As executive director of Pennsylvania's Office of Advocacy & Reform, Dan Jurman is leading the charge to make the commonwealth a "trauma-informed state."
"We are really trying to embed trauma and adverse-childhood-experiences work into recovery from Covid," he said. "... Our suspicion is that most of what we call mental illness is actually untreated trauma."
Appointed in late 2019, Jurman is the first person to lead the Office of Advocacy & Reform, one of the initiatives Gov. Tom Wolf implemented through an executive order issued in July 2019 titled "Protection of Vulnterable Populations." Jurman previously had been CEO of Community Action Partnership of Lancaster County, where he was succeeded by Vanessa Philbert.
Wolf's order came in response to a number of high-profile scandals pointed up serious shortcomings in the state's oversight of third-party providers of social services.
Among the governor's directives was a mandate to "establish Pennsylvania as a trauma-informed state." To that end, Jurman's office assembled a 25-person think tank. In July 2020, it issued a 72-page plan to implement Wolf's vision.
That summer, of course, Pennsylvania and U.S. were in the throes of the coronavirus crisis. Meanwhile, the 2020 election was exposing and exacerbating the country's deep partisan divisions, and the murder of George Floyd by a Minneapolis police officer had led to the largest social justice protests in years.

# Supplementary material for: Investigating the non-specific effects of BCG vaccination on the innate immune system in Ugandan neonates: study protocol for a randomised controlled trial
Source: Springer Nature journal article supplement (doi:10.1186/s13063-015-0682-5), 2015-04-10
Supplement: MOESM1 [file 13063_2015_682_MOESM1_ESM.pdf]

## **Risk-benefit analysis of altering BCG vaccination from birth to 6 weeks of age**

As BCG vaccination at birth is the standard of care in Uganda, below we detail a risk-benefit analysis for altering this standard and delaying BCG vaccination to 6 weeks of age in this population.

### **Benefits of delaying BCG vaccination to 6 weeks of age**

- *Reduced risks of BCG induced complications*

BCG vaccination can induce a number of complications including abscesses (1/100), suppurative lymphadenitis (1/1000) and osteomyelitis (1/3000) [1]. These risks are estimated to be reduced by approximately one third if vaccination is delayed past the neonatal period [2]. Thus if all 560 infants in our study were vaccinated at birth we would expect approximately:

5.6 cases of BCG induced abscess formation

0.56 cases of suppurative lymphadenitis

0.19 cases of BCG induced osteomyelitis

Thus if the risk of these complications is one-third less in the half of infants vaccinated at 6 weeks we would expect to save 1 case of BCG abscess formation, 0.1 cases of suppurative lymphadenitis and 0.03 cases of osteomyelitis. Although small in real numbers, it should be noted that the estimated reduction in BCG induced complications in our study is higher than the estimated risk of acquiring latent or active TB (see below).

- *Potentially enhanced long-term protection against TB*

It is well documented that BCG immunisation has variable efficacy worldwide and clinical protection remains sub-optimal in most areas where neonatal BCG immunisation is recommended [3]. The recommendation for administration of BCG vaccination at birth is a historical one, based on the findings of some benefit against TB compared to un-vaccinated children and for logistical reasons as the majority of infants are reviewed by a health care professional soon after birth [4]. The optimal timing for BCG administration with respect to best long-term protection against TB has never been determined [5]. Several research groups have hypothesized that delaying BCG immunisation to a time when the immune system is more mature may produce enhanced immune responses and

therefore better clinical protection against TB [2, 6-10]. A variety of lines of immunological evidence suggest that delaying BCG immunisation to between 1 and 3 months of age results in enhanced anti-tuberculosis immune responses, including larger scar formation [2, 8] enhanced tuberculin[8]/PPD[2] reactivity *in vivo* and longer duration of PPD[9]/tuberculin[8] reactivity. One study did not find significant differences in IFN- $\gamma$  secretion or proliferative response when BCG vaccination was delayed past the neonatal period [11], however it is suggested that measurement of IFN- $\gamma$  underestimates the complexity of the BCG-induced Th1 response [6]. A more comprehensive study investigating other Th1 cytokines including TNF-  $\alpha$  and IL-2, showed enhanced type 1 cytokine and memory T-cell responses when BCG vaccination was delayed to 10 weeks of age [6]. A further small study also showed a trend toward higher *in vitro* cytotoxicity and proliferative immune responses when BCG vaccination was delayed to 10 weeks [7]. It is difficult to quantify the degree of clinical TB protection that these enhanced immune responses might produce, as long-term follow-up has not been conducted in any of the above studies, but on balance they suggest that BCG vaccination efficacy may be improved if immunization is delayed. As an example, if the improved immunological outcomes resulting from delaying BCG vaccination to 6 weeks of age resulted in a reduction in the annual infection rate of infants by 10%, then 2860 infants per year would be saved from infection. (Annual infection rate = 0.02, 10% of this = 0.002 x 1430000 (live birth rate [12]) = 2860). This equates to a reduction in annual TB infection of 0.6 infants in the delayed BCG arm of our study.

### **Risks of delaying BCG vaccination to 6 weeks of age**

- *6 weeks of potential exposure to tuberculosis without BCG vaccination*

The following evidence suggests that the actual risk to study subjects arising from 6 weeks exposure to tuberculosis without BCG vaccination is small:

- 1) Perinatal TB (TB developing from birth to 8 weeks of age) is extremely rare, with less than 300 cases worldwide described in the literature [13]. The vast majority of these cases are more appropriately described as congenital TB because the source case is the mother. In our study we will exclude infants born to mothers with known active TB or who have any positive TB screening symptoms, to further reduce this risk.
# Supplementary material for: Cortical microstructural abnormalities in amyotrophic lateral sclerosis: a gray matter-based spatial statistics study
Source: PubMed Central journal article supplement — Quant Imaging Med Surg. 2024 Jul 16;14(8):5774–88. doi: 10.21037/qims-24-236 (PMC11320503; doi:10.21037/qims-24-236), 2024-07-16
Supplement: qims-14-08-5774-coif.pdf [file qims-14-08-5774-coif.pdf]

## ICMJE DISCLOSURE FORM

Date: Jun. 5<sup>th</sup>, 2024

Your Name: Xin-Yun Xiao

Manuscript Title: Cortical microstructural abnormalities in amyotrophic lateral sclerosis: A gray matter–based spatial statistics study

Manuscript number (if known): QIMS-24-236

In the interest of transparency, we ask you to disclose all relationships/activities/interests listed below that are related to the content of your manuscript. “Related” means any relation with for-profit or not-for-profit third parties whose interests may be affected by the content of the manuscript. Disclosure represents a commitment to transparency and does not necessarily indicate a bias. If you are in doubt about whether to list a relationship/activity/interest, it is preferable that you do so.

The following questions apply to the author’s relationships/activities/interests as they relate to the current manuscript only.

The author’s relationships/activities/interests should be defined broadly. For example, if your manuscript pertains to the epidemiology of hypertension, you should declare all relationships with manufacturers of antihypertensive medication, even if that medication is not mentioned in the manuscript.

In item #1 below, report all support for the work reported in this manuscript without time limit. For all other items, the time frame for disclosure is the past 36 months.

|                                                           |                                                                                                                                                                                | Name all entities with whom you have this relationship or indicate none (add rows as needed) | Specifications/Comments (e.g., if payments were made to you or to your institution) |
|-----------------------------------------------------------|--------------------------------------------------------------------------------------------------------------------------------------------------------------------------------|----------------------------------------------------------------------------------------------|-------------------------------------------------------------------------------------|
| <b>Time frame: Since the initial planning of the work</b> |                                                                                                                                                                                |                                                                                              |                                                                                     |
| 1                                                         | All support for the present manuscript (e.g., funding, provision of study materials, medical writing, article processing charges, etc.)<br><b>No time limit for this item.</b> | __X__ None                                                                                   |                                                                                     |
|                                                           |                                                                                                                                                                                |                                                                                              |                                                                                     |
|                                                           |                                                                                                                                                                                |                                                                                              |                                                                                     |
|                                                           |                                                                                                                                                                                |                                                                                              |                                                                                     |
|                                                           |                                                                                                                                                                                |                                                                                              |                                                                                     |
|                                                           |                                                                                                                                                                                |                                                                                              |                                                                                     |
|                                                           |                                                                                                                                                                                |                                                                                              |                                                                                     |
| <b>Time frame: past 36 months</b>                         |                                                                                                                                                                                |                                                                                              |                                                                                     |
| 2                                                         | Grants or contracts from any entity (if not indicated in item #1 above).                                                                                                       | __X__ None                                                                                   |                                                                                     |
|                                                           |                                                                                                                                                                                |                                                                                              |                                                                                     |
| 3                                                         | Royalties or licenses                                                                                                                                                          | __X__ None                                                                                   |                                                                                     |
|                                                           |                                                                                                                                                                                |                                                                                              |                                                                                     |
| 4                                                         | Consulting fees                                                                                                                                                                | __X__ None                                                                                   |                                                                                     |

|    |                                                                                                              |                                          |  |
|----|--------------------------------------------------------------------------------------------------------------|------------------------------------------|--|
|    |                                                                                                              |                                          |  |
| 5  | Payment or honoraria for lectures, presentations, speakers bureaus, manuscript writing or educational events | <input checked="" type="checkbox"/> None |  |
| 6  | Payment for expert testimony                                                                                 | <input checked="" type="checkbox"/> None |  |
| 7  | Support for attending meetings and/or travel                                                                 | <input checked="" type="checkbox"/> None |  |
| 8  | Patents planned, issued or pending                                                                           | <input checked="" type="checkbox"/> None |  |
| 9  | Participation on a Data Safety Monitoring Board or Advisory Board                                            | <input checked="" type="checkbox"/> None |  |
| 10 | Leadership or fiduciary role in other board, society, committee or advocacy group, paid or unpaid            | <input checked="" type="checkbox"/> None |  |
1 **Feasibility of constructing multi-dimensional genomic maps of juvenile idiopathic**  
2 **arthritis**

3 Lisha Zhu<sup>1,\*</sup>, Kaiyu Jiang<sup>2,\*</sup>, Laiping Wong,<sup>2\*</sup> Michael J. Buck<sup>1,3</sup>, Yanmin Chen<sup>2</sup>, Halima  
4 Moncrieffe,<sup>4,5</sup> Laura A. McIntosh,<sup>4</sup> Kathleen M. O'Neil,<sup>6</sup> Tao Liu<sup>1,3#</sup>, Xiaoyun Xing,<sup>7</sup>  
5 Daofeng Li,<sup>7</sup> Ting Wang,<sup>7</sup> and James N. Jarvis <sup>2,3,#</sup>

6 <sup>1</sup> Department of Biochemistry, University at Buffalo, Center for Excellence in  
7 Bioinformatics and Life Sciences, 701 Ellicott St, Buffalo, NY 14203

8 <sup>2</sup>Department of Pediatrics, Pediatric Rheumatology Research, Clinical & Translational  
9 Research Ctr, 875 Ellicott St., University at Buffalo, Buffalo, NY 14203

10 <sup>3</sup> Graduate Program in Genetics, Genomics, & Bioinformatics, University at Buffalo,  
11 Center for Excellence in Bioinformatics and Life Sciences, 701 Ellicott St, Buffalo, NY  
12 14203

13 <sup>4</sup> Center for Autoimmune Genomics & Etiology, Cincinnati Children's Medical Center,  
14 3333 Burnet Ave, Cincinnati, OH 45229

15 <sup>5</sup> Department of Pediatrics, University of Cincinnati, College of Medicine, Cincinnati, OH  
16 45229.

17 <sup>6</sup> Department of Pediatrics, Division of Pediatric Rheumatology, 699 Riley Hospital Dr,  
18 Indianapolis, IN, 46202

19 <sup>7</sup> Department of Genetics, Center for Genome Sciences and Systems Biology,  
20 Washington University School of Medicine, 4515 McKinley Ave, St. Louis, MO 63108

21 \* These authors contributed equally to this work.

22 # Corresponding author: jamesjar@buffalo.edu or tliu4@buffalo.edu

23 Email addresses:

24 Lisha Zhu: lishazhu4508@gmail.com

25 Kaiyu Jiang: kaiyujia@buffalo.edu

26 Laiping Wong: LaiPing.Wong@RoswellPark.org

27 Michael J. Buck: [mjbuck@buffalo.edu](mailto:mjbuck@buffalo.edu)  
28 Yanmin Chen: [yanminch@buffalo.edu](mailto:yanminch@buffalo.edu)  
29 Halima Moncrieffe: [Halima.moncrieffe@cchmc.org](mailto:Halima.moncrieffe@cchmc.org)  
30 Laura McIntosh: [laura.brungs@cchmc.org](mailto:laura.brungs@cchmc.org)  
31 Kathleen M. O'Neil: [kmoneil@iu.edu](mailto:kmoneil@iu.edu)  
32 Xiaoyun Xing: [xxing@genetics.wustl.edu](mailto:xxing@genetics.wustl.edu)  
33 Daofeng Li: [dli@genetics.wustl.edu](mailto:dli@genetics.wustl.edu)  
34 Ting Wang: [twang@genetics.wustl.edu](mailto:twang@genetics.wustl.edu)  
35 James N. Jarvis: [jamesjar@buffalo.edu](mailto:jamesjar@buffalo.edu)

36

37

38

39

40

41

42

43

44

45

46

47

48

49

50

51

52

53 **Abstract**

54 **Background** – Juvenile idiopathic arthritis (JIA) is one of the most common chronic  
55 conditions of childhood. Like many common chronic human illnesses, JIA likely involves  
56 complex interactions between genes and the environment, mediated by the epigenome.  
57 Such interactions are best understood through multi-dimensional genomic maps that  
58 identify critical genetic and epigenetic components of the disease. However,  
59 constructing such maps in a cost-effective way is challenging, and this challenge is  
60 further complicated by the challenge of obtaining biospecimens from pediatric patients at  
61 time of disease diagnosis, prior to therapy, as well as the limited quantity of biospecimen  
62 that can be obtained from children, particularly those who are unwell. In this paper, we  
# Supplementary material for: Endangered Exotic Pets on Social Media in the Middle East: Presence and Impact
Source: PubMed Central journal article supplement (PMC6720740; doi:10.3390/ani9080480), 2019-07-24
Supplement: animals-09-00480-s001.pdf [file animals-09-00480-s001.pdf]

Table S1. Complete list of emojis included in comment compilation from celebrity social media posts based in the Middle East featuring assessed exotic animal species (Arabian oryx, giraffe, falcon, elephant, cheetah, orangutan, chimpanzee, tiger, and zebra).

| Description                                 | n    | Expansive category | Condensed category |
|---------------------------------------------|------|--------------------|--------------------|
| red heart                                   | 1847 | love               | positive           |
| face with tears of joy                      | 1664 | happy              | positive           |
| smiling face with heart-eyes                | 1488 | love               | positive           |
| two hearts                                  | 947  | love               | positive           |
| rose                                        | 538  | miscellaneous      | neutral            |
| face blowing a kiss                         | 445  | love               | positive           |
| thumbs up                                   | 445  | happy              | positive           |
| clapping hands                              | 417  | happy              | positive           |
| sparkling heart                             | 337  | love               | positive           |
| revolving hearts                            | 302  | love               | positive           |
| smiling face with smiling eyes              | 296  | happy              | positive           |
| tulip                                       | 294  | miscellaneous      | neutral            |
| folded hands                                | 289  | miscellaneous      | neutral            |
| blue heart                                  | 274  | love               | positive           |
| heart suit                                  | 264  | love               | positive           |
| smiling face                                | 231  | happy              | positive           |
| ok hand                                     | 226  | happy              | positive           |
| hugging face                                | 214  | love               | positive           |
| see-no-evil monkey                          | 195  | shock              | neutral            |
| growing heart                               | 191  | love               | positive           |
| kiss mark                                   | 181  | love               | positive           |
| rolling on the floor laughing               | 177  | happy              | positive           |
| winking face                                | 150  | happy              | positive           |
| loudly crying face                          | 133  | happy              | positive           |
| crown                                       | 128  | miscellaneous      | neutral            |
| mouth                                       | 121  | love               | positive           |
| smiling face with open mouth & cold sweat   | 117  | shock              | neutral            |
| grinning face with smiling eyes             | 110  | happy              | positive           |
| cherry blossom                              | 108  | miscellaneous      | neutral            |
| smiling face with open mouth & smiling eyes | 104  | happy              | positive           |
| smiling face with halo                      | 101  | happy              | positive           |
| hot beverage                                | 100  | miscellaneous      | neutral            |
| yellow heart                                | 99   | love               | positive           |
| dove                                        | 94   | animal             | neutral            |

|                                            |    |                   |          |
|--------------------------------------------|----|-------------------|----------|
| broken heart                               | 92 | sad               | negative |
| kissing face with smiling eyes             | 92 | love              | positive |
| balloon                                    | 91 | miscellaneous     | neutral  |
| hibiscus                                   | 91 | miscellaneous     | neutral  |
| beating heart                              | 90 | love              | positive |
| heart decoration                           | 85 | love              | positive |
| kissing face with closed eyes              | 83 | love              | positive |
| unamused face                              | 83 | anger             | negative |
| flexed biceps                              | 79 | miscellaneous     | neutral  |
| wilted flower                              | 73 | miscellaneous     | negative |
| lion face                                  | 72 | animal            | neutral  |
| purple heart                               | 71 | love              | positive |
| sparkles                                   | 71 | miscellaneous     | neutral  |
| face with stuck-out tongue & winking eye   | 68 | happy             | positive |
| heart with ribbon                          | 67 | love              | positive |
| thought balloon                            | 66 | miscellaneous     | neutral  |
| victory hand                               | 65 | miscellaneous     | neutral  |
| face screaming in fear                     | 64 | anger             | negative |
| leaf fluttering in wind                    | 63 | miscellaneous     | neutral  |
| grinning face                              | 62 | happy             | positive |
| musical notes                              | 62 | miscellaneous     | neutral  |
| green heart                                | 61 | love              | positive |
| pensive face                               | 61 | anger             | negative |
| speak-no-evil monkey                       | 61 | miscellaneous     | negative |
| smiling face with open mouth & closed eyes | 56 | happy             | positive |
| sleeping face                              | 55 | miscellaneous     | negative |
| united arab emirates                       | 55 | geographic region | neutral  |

From Jurman's point of view, the timing was a blessing in disguise: The think tank's report, he said, offers a framework for Pennsylvania to emerge from the pandemic with resilience.
From March 2020 onward, "every single Pennsylvanian has experienced at least chronic stress, if not full-blown trauma," he said, ticking off the events of 2020. "Our brains weren't designed to be in 15 months of overlapping trauma, day after day. ... Everybody's swimming in it."
A trauma-informed approach will be essential to helping people in all walks of life to return to normal, he said. Businesses should be attentive to it in their personnel policies. All organizations should be aware of the prevalence of trauma and of the evidence-based strategies that can mitigate it.
Otherwise, he said, the pandemic could lead to an increase in stress-related health disorders down the road.
In the introduction to the think tank's plan, Jurman refers to his own childhood traumas, which included domestic violence, poverty and homelessness.
"If my life has taught me anything, it's that healing is both possible and life-changing," he wrote.
He has been spreading the message about trauma-informed care, speaking to business groups and others. The Office of Advocacy plans to launch a public-facing dashboard tracking its work, hopefully in early August.
For Jurman, the aftermath of Covid-19 is an opportune moment for policymakers to take action on core issues such as fair housing, living wages and access to health care.
"There is a moral imperative to do something about the structures that allowed people to suffer and die in the pandemic," he said.
"It's one thing to have a storm hit and not know that your house wasn't built properly. It's another thing to watch it fall apart in the storm and then ignore that afterward."
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